“I am a new entrepreneur running a small but growing business in custom window fashions and home furnishings. I spent thousands of hours and dollars acquiring market information and locating suppliers before plunging into this business. I hired one salesperson who had no prior experience in the industry, and I extensively trained him. But after learning everything there is to know about my business, the fellow stole data from me, poached one of my employees and started his own identical business, which directly competes with mine.
“Could I have avoided this situation? How do business owners stop employees from stealing their ideas and starting their own companies? And should I take this person to court?”
My company has designed this aspect out of its business model. I want the people in my business to be as successful as I am. In fact, I want them to be more successful, and then leave to set up their own operations.
Our business model ensures that I will be compensated for their success as a reward for training them to achieve that success. This encourages the junior individual to be as energetic as possible as he/she strives toward the level that I have. The eventual income that I will derive from his independence is my incentive to train, mentor and coach him to achieve this success, resulting in a win-win.
Rob Carol, Action International Canada:
Getting an employee to sign a non-compete agreement is one solution. But if it’s fairly broad, it won’t be enforceable, so you need to be fairly specific. Usually employees leave and start a competing business because they are unhappy with the way they are managed or compensated. Share the wealth and everyone wins.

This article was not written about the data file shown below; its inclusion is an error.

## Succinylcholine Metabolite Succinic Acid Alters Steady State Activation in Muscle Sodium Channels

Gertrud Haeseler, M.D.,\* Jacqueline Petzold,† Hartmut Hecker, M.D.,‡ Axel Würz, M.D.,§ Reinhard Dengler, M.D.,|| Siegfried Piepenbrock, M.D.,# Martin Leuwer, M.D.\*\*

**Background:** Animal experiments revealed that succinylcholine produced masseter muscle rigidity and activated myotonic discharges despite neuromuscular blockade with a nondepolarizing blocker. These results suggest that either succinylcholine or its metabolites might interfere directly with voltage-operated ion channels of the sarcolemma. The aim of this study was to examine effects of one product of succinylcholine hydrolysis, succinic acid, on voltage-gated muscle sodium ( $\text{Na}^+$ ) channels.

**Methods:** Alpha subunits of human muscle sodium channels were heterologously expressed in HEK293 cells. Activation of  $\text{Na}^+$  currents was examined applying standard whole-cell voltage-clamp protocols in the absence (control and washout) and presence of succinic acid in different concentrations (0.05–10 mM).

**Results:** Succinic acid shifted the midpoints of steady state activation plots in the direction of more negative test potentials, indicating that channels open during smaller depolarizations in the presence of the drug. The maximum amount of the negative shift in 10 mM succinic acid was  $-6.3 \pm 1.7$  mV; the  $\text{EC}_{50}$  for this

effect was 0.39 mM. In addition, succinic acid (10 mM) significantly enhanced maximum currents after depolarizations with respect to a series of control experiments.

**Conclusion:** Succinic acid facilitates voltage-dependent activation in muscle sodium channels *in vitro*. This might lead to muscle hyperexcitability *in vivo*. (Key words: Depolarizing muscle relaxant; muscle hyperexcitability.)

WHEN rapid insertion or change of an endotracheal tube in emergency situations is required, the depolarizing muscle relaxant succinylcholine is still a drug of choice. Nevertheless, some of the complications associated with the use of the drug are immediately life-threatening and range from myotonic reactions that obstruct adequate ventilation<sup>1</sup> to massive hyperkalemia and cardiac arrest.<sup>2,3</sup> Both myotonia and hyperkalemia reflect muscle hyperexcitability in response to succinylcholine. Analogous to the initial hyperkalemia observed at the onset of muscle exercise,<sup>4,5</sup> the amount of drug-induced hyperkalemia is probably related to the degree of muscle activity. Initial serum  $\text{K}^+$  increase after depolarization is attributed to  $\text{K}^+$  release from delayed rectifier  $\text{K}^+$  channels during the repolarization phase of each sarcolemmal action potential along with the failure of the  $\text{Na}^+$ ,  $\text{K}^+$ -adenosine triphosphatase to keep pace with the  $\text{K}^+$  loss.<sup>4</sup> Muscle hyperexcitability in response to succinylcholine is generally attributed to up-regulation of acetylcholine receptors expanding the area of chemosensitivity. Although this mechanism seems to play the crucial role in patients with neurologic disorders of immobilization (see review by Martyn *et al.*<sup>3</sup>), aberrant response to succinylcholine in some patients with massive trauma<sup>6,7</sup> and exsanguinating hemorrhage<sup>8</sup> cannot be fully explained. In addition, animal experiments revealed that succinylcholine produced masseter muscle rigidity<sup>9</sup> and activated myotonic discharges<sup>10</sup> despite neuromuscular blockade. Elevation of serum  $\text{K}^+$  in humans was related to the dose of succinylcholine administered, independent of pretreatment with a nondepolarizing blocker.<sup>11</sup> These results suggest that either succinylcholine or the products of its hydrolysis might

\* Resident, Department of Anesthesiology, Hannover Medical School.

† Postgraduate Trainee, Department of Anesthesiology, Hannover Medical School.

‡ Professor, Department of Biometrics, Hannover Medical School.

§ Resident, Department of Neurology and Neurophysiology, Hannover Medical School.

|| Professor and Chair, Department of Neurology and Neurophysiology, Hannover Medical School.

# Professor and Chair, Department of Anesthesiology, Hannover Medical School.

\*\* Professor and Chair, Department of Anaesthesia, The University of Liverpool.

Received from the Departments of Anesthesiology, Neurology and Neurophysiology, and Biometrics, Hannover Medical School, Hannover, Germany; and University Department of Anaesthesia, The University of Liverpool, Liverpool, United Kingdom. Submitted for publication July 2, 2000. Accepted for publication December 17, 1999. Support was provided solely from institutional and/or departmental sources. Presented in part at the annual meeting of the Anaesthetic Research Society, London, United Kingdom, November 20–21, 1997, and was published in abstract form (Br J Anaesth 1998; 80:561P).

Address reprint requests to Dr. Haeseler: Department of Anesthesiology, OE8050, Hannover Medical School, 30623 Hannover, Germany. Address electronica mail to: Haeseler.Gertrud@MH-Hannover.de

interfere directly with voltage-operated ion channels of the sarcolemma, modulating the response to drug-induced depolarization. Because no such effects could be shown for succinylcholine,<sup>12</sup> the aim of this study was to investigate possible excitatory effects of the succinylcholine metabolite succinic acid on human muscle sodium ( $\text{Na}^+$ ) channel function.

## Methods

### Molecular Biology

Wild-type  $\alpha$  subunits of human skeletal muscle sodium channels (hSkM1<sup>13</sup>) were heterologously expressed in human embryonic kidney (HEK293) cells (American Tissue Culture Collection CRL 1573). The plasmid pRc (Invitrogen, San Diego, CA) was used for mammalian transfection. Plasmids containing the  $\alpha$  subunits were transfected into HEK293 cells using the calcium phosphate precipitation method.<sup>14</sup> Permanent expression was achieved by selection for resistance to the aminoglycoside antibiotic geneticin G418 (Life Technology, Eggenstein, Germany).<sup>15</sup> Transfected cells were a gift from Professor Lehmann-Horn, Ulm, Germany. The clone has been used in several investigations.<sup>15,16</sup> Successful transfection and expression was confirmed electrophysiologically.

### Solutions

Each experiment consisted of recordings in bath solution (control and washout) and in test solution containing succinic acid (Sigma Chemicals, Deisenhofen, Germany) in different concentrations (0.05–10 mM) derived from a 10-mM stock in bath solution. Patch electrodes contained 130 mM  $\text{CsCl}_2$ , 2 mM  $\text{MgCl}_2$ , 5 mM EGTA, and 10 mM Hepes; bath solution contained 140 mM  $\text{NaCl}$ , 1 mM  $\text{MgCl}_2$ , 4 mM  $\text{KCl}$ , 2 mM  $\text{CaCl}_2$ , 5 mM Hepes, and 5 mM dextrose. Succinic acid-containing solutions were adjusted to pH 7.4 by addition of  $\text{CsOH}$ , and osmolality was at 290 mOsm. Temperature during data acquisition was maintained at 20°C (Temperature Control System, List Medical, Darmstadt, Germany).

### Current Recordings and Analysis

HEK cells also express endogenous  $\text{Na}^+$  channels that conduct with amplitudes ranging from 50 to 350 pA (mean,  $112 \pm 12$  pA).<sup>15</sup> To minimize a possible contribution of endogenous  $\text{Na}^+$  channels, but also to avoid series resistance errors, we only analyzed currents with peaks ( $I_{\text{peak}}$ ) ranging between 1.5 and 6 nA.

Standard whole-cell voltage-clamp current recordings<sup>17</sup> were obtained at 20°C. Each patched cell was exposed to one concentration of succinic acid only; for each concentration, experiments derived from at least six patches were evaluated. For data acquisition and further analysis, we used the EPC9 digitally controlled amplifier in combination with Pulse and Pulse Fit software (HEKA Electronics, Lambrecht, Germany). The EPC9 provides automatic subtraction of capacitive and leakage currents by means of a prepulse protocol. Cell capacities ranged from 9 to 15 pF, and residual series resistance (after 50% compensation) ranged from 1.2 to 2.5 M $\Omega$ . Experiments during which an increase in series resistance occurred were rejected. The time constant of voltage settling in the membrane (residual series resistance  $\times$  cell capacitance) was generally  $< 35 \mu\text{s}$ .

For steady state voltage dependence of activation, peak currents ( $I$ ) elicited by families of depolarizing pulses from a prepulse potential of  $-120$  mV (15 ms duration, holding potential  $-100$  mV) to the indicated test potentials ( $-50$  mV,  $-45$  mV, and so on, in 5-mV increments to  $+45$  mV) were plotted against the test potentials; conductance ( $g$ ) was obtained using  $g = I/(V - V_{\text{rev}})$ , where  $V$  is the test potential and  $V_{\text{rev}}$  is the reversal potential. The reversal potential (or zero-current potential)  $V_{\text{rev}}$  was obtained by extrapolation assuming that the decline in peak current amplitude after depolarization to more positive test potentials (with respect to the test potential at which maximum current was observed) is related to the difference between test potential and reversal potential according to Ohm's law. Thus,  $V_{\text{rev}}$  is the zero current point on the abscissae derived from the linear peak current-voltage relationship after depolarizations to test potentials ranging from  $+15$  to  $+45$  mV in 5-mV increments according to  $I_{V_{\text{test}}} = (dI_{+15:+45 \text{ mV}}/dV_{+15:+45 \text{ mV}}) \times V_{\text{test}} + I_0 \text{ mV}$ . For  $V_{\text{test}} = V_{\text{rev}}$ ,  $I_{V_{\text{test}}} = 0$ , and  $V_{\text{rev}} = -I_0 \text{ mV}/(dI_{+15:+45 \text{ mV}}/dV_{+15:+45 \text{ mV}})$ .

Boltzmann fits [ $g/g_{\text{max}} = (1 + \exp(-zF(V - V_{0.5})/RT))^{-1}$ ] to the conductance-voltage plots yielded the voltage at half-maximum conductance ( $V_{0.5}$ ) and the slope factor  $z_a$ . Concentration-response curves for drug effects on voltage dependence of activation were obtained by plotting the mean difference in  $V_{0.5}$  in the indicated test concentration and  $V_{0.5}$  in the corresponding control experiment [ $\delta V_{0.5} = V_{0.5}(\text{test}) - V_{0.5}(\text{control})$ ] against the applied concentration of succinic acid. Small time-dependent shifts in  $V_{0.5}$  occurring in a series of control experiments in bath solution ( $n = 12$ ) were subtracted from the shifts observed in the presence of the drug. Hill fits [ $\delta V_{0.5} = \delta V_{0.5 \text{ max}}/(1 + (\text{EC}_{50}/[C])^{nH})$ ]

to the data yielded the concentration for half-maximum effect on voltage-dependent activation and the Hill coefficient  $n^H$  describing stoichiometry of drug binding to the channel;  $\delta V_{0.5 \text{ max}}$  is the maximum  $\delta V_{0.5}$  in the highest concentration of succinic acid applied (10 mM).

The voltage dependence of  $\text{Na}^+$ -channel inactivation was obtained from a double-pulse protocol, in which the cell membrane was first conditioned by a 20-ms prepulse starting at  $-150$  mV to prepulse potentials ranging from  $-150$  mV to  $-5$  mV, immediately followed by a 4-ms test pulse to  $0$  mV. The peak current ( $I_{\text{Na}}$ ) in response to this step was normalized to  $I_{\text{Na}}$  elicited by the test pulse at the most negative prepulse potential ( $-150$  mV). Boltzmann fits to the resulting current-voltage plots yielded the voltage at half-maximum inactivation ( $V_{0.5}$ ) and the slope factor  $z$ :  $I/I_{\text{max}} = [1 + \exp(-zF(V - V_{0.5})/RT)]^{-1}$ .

Darren Pereira, Indusblue Inc.:
If you’re a business owner, you should know that the first thing you’re in is sales. Without sales, there’s no growth! I don’t only mean company sales, I mean selling your company’s value system so your employees truly live it. The unfortunate truth is that you can’t stop an employee from stealing your ideas, stealing your staff or even stealing your staplers. However, if you treat them with the respect they deserve and have them truly believe in your vision, you won’t have to worry about a thing.
You first have to sell your employees on you, your business, your code of ethics, the nature of your business and company culture. These are some of the things I do in my digital marketing company, which I’ve been building for three years, to ensure that my guys are working towards the same goals that I am. Once you have that in place, it’s highly unlikely they will leave you for any reason.
- Treat employees like team members where the only boss is the project or task at hand
- Check egos at the door during meetings
- Forgive human mishaps (lateness, calling in sick)
- Reward hard work. Sometimes my guys go above and beyond because they are given creative freedom. When we deliver on time, we take the team out for dinner and drinks
- Manage client expectations so employees feel their lives are respected. I protect my people by pushing back against ridiculous client expectations. I’d rather lose a pushy client than have employees be miserable at work
- Play sports with your employees. I play volleyball and basketball in a league, and some of the guys at my company play on my team. Some of them are better than me, and I encourage their spirit
- Lead with confidence and clear goals, not tyranny
- Share your company’s goals with your employees. Last year I told my company of three that we had to make half a million in revenue, and we fell short by only a few thousand dollars. This year, my company of eight knows we have a goal of $1.5 million. I strongly feel that we will surpass that because every one of my people is working towards that goal.
Good luck with your business. It’s 6.30 p.m. on a Friday and I’m off to play ball with the guys. Cheers!
For his answer, Darren Pereira will receive a copy of The New Conceptual Selling, by Robert B. Miller and Stephen E. Heiman.
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